To my son Grady, and the man who delivered him to us

I wrote this reminiscence a couple of years ago and have re-posted it -- and re-written it -- ​several times since. I wanted then, as I do now, to mark my son​ Grady​'s birthday, ​​a time he can't remember but one I'll never forget. He means more to me than even the most carefully chosen, most compulsively re-written words can say:

My son Grady will be ​41​ to​day,  at 7:28 p.m. I was there when he was born​ on a snow-driven evening ​on the poor side of the west side of Buffalo, NY, on aptly named Winter Street, in ​the upstairs bedroom ​​of a drafty old house ​his mother Patty and I called home. 

A midwife did not attend Grady's birth. ​We ​c​ouldn't find one. What we ​did have was a ​friend who was a ​nurse who found a doctor for us​. And a very brave doctor​ he was​.

Home births were essentially illegal in the early '70s in New York  State. But you could say Patty and I had already developed a taste for illegality back then. We'd both been active in ​the tiny little branch of the anti-war movement that specialized in stealing or burning or otherwise destroying draft board records. Legal? ​It was almost a dirty word to us back then. ​We weren't even married when Grady was born.

In the spring of 1972, when Patty found herself pregnant and I'd received a  suspended sentence for  my draft board action, she went looking for a midwife. Patty knew she wanted to have the baby at home.  If midwives were scarce back then, doctors willing to ​perform home births e​v​en scarcer. The ones she ​questioned said she was wrong to even think such thoughts. They called her names -- including the old standby, "Communist" -- and all but threatened her with arrest.

Such, such were the days of politically polarized America.

Our nurse friend and co-conspirator, whose name was Beverly​ Sottile, thought she knew a young doctor who might be willing to deliver th e baby at home. The doctor she had in mind was ​a Hungarian refugee named Louie Hevizy.​ He agreed to meet us.​

Louie ​told us he was a prince​, a Hungarian prince who had been strung up ​by government troops ​and left to die on a Budapest lamppost during the ​country's ​1956 uprising. He​ said he​​'d been cut down at the last minute by ​his fellow ​anti-Communist partisans who then​, with the mysterious help of the Rockefeller family, ​spirited him ​out of the country. 

I liked Louie from the start​, and not just because he agreed to deliver our baby​. He was ​​​about 10 years older than I was, a funny, fast talker and a spiffy dresser ​who loved good Hungarian food, good Hungarian wine and flashy American cars. He loved to brag about his various flirtations and love affairs​ ​and of the women he lured to his bachelor pad, where a giant ​water ​bed awaited, its vastness outfitted ​in​ black silk sheets​, above which was a mirror-covered ceiling. ​​

We had little in common. I was a hippie intent on living a Spartan communal life with like-minded peaceniks. I ate what I could find, drank the occasional ​beer and drove a cantankerous Ford Cortina, for which I remember paying $100.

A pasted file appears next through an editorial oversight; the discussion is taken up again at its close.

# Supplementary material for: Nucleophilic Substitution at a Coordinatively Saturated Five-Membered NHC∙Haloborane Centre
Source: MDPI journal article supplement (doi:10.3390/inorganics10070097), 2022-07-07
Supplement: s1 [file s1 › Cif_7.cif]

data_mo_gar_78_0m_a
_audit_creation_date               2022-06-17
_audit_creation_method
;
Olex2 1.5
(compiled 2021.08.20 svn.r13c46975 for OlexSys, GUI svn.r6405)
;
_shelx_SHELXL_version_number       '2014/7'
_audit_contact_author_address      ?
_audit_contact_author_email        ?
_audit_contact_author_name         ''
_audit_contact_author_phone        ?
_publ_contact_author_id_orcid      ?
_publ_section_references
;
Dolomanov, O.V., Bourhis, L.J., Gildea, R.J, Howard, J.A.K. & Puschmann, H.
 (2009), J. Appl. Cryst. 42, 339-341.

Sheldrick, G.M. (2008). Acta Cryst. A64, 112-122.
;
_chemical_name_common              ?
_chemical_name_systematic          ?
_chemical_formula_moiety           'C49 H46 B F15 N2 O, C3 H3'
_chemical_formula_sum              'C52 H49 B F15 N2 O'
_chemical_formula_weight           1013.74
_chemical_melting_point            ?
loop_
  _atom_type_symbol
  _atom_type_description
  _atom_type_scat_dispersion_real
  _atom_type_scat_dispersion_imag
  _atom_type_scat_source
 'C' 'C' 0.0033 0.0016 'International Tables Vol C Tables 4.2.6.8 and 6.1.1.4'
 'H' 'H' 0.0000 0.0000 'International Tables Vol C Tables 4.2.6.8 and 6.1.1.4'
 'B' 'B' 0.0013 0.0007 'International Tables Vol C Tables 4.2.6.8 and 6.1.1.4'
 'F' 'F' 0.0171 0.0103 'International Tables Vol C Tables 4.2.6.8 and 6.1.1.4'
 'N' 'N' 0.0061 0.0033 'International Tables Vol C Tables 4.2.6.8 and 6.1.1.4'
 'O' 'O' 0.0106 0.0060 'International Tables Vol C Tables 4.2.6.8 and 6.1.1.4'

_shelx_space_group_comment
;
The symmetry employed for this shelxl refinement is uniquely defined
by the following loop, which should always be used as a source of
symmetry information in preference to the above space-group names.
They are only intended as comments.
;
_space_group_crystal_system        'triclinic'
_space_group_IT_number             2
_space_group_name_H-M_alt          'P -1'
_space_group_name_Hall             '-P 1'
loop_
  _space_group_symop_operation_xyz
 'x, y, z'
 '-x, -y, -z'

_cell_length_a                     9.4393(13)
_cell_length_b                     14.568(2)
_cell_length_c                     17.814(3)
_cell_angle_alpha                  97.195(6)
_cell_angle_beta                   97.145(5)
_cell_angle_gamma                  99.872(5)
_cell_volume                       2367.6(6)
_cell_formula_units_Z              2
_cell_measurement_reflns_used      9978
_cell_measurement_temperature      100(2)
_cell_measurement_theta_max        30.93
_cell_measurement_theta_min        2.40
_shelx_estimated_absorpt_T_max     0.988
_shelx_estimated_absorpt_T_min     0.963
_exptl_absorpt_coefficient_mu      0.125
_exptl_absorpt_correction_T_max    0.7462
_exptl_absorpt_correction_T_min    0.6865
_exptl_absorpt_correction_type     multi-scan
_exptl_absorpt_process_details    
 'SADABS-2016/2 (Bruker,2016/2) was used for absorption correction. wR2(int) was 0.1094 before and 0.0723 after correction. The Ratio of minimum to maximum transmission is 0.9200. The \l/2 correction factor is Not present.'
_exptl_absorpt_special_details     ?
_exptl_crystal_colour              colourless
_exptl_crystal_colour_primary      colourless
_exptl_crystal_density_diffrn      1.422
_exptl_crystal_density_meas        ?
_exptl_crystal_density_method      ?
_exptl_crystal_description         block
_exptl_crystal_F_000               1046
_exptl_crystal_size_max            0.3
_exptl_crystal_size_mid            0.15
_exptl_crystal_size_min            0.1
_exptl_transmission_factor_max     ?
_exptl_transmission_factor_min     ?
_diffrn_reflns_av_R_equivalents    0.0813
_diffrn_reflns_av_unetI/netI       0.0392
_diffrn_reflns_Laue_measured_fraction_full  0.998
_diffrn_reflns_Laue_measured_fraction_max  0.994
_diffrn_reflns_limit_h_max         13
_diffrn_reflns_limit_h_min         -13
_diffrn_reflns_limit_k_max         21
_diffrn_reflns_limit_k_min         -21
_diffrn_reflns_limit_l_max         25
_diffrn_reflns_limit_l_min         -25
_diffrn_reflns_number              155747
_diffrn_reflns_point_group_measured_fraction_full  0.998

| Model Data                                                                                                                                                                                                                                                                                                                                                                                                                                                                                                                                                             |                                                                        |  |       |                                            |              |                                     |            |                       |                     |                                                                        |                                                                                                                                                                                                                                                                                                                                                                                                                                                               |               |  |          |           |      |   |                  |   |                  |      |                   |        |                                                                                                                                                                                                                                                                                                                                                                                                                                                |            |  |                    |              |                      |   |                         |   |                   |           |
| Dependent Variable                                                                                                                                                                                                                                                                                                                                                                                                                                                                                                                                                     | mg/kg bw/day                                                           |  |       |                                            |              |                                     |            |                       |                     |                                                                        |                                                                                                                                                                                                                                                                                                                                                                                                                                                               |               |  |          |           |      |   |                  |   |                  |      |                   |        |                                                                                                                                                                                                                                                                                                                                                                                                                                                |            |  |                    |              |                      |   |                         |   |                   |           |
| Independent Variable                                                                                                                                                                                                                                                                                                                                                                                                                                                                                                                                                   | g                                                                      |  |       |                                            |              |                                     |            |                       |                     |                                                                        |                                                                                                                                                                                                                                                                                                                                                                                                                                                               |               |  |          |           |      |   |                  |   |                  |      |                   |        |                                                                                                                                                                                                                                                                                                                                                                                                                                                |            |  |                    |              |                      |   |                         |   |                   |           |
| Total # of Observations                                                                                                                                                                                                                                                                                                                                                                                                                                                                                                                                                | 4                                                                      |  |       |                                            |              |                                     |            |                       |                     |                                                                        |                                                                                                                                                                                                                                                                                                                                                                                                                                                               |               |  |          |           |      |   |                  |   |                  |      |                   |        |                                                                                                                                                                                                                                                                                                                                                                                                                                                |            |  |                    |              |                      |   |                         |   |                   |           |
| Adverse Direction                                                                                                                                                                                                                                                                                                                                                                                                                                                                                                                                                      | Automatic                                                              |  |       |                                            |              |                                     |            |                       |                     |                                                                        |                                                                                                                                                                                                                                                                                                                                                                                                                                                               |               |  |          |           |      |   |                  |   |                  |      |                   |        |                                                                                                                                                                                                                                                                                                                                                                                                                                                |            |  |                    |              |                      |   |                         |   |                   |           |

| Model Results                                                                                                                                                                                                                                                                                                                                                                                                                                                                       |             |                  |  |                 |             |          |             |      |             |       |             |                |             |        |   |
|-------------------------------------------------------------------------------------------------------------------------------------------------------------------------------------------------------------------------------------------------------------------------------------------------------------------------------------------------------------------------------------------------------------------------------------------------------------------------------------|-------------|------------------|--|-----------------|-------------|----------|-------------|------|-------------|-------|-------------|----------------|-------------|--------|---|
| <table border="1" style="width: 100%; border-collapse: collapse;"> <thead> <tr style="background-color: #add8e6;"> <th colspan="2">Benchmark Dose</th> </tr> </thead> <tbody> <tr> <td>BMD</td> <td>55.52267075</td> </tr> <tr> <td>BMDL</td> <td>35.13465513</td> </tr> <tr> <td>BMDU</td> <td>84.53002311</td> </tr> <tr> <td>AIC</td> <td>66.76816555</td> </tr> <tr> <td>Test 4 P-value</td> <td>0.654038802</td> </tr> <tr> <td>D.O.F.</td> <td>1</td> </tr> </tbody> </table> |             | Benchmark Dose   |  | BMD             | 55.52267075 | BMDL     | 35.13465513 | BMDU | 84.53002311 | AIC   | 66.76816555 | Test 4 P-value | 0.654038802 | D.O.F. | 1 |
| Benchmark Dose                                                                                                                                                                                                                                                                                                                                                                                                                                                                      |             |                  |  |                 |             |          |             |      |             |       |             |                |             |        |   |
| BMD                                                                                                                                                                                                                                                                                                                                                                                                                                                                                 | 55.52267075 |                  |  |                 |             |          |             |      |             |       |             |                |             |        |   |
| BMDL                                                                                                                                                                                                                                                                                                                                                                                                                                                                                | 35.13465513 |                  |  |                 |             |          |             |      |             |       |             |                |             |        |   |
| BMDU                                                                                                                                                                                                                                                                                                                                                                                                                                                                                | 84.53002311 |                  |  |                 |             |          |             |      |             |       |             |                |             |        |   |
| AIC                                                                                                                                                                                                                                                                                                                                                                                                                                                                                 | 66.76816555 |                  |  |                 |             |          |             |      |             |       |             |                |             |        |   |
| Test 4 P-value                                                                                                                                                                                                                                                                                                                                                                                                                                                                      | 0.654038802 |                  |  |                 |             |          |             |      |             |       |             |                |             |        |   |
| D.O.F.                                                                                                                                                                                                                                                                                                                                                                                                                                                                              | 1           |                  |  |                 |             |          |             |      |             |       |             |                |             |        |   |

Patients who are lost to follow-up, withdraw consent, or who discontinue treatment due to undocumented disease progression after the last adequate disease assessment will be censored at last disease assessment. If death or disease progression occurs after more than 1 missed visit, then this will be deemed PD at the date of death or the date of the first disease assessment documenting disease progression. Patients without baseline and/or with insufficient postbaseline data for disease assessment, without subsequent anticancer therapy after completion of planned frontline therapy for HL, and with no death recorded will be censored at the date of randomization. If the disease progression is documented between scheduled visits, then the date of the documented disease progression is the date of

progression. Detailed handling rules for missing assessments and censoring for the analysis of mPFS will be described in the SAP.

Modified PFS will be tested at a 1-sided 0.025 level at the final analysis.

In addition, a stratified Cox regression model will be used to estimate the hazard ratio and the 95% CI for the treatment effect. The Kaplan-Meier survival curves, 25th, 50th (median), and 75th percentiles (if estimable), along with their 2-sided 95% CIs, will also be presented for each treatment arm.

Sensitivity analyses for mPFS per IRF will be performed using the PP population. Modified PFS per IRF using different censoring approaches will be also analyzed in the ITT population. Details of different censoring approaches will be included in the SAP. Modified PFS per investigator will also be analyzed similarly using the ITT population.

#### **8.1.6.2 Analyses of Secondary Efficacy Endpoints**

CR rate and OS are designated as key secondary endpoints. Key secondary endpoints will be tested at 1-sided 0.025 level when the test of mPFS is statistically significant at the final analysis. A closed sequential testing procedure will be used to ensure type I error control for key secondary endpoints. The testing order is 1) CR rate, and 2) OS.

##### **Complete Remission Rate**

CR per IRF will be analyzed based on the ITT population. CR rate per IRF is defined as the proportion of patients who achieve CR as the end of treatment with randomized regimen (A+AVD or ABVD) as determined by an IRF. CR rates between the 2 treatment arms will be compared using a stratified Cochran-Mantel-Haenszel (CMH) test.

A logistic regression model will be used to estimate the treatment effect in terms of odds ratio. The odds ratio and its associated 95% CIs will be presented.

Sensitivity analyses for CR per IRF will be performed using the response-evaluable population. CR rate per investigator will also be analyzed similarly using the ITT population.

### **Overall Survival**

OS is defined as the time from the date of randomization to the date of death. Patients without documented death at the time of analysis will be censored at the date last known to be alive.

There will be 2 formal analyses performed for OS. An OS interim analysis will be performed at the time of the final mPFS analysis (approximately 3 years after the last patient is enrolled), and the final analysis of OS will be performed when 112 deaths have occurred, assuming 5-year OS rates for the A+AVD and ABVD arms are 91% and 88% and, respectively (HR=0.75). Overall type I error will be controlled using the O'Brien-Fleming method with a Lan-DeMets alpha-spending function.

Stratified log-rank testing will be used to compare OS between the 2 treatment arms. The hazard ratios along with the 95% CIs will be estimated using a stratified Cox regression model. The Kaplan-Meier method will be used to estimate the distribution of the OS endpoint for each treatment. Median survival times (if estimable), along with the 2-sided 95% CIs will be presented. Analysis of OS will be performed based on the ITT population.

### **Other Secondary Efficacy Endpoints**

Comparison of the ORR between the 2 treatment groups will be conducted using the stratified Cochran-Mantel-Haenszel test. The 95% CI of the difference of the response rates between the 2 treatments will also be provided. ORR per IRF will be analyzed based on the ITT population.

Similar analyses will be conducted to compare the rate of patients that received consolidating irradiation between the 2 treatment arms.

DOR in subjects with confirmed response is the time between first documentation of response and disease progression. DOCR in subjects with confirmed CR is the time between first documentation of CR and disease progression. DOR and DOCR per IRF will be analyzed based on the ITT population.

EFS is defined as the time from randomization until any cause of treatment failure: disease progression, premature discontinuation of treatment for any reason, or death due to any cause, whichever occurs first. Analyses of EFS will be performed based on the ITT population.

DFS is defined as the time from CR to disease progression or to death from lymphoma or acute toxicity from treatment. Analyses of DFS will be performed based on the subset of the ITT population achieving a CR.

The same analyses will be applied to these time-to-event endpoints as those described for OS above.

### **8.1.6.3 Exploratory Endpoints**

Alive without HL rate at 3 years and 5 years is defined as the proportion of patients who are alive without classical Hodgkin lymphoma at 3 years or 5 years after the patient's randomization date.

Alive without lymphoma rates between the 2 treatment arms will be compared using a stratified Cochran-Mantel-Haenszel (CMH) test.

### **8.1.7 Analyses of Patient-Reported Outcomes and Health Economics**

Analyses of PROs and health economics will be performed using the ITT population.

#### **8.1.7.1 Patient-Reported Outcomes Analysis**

Louie had his career path all worked out; I wasn't sure I had one, needed or even wanted one.

He was the least political political refugee I've ever met. He hardly even seemed a doctor -- he was too intent on having a good time doing whatever he wanted., however and wherever he wanted to do it​, and telling the world about it afterward​

When he looked at Patty and me, he couldn't have seen a payday. "Penury" doesn't begin to describe our condition at the time. But where every other doctor ​looked at us and ​​​saw only a pair of hippies or Communists or flakes, Louie saw people.  When he looked at Patty, he must have seen a determined young woman in need. Perhaps he saw a challenge. He never explained why he agreed to risk his career -- because that's what it would have meant -- to respond to our request, to act like a real doctor.

Beverly, our friend the nurse, quietly collected the stuff we'd need​ for the big event and stashed it in the blinding-bright orange--yellow--and green delivery room we'd made of our second-floor bedroom. I ​especially ​remember the half-dozen or so hot water bottles she lifted  from​ ​who knows ​what hospital storage closet with which ​we line​d​ the garish, red-painted basinette that had once been ​my first nest​.

It was Louie who, when summoned on that snowy Buffalo day, arrived at our door with his doctor's bag​ and half a dozen bottles of Asti Spumante​. And it was Louie who delivered Grady Kane-Horrigan ​that night and who took the ​first baby pictures with the Nikon he'd stashed in his bag, though not before he'd circumcised the poor kid and allowed me the terrible honor of cutting the cord. Then he bounced downstairs to where about two dozen ​suddenly relieved and happy ​friends and family members ​​joined him in toasting the baby, Patty, the night and himself, as if this was the way babies were always born. It wasn't, of course, though it should have been.

It ​all ​seems, as I look back on it, a great adventure, ​a perfect reflection of the times, with its ​despotic, authoritarian doctors, ​its ​idealistic​, naïve ​hippies and its​uncharacteristic happy ending. Or beginning. For Grady was our beginning.